According to a Forbes article, kids were seeing ads on YouTube that seemed legit, but actually led them to sketchy websites promising free game currency. In one sneaky move, a scammer convinced a child to download an app on their parent's phone, which turned out to be a screen mirroring app. The scammer then told the child which apps to open, and managed to snag their bank account info and other sensitive details right off the screen.

If your kids are playing games on the same device you use for work, there's a chance that malware could sneak its way in, giving hackers a backdoor into your professional accounts. So keep an eye out for any shady stuff happening while your little gamers are at play - you never know who might be trying to sneak in and cause some trouble.

5. Online Quiz Scams

Online quizzes, which may seem harmless at first glance, can actually be used as a means to collect personal data from children. These quizzes often ask for information such as birthdays, pets' names, street names, favorite shows, or best friends. This information can then be used by malicious individuals as passwords or answers to security questions, allowing them to gain access to your child's accounts.

In some cases, scammers hack into children's social media accounts and send malware links to the friends of the hacked account holder, disguising them as quiz invitations. To safeguard your personal information, as well as that of your children, it is crucial to not only maintain strong passwords and utilize multi-factor authentication but also to educate your children on the importance of avoiding online quizzes altogether or providing false information when prompted.

6. Pop-Up Scams

A warning message displays on your computer screen, warns you of a potential security threat, and advises you to contact a specified phone number for assistance. Scammers commonly use pop-up messages to deceive individuals into paying for unnecessary tech support or services using gift cards, cash-reload cards, or wire transfers. 

Teach your young children about the risks associated with clicking on pop-ups, as doing so could result in the installation of malware or spyware on their devices. This malicious software can capture sensitive information such as passwords and credit card numbers. Additionally, instruct your children not to interact with pop-ups, refrain from calling the provided number, and avoid sharing personal or payment information. 

Furthermore, use antivirus software to routinely scan your child's computer for malware, and conduct an immediate scan if a suspicious pop-up appears.

7. Phishing Texts

Scammers are becoming increasingly sophisticated, making their messages appear more authentic than ever before. This is concerning enough when the recipient is an adult, but even more so when it involves a child. Fake text messages pretending to be from reputable accounts or websites, like social media or gaming platforms, can create a sense of urgency.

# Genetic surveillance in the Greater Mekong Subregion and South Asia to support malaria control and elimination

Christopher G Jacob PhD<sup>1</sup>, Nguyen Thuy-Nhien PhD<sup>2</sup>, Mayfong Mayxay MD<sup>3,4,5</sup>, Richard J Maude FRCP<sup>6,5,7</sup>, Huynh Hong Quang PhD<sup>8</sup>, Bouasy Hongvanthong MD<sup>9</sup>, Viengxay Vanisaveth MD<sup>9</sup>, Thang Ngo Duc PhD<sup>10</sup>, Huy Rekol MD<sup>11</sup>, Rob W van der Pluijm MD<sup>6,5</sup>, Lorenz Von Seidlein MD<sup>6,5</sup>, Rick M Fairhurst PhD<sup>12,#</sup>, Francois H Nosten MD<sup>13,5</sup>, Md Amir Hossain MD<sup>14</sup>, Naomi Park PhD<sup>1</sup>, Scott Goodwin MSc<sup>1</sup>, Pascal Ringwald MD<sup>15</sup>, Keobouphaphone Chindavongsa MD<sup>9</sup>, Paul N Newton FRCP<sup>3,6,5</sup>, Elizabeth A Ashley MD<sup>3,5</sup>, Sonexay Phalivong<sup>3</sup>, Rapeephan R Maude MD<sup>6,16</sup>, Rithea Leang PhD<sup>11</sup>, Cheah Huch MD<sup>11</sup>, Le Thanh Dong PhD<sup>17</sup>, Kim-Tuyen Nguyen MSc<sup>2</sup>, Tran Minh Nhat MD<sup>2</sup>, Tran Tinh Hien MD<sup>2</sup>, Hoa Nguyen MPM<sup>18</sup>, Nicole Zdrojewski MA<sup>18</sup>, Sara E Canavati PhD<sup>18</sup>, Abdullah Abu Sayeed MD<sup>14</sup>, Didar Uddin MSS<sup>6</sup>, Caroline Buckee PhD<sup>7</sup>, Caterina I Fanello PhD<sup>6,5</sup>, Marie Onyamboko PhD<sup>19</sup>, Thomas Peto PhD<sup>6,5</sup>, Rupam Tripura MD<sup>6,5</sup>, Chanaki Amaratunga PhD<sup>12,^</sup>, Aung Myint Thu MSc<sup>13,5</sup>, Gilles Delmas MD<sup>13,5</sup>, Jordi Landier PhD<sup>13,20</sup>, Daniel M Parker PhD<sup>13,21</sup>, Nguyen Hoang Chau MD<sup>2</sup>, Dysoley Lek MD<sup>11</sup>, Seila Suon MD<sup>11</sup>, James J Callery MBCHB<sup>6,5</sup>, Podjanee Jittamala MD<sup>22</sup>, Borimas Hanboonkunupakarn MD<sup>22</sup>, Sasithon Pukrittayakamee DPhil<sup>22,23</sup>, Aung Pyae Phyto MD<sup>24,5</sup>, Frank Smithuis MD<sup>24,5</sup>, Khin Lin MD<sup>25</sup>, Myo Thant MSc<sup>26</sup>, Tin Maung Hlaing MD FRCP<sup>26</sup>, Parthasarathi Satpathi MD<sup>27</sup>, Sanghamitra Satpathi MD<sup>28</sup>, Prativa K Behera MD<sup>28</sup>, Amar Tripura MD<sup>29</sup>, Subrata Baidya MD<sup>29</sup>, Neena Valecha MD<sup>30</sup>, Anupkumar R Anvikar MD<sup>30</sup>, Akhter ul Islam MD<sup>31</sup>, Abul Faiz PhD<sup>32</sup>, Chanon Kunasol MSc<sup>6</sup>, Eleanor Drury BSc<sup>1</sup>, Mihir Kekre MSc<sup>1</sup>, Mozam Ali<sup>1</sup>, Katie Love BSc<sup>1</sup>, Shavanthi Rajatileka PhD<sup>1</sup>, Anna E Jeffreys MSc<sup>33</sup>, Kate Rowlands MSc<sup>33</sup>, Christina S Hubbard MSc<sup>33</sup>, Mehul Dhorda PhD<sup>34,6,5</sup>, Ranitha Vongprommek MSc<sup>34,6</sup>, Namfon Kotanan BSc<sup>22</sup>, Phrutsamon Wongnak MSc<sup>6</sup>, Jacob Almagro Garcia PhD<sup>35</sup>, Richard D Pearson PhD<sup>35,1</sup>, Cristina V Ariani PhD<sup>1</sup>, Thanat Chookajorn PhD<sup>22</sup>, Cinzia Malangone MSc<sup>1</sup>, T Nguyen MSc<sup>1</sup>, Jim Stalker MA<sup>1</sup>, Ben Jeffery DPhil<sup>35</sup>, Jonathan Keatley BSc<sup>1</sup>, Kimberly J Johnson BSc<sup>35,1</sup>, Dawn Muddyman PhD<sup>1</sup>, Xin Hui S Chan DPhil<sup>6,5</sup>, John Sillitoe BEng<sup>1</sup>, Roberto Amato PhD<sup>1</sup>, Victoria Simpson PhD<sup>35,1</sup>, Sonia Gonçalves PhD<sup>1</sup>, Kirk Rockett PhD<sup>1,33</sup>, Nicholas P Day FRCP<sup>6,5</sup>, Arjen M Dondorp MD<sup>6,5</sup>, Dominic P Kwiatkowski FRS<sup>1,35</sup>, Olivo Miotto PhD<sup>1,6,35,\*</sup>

These messages often request children to verify their password, user data, or payment card information, or include links that install spyware on the user's phone. As parent, it is important to educate your children about the dangers of these scams and to monitor their online activities closely.

8. Sextortion Scams

The sextortion scam is a serious issue that's on the rise, especially when it comes to targeting minors. Between October 2021 and March 2023, the FBI and Homeland Security Investigations received over 13,000 reports of online financial sextortion involving minors. Shockingly, there were at least 12,600 victims, mostly boys, and tragically, it led to at least 20 suicides.

These scammers are ruthless - they pressure minors into sharing explicit images or videos of themselves by pretending to be someone their age looking to start a relationship or offering something for free. They might even claim to already have a compromising photo or video, or secretly record the victim. Then, they threaten to share these images online unless they get paid. It's a scary situation that's unfortunately becoming more common.

"We’ve seen an alarming increase in financial sextortion schemes targeting children not only in the Bay Area, but across the country. Parents, educators, and caregivers need to be aware of this increasingly urgent threat and empower victims to come forward," says FBI Special Agent in Charge Robert Tripp.

On December 1, 2022, at midnight, Walker Montgomery, 16, received a message on Instagram from a seemingly friendly individual with mutual friends. The conversation initially revolved around school and football, but took a dark turn when they video-chatted. It soon became apparent that the girl was not who she claimed to be, and the individual turned out to be a scammer. Threatening to distribute the video to everyone unless Walker paid $1,000, the scammer pushed him to his breaking point. Tragically, Walker felt he had no other option but to end his own life. Read the full story on New York Post.

Protect your children

Online scams can result in synthetic identity fraud, where scammers mix a person's real information with fake details to create a new identity for fraudulent purposes. This can lead to issues like child identity theft, which may not be discovered until the child is older and tries to apply for credit. In fact, about one in 50 kids in the U.S. are affected by this type of theft.

Talk to your kids about these scams, even though you can't watch them every minute of the day. You can still take steps to keep them safe. Encourage them not to accept friend requests from strangers and to be cautious of "celebrity" profiles, as many of them are fake. Also, remind them never to share personal information like account numbers or Social Security numbers with anyone they don't know.

As your kids grow older and become more savvy about using the internet and their devices safely, they can start taking on more responsibility for their digital actions. Setting clear rules about device usage, what's okay to do online, and what to watch out for can help them stay safe and secure.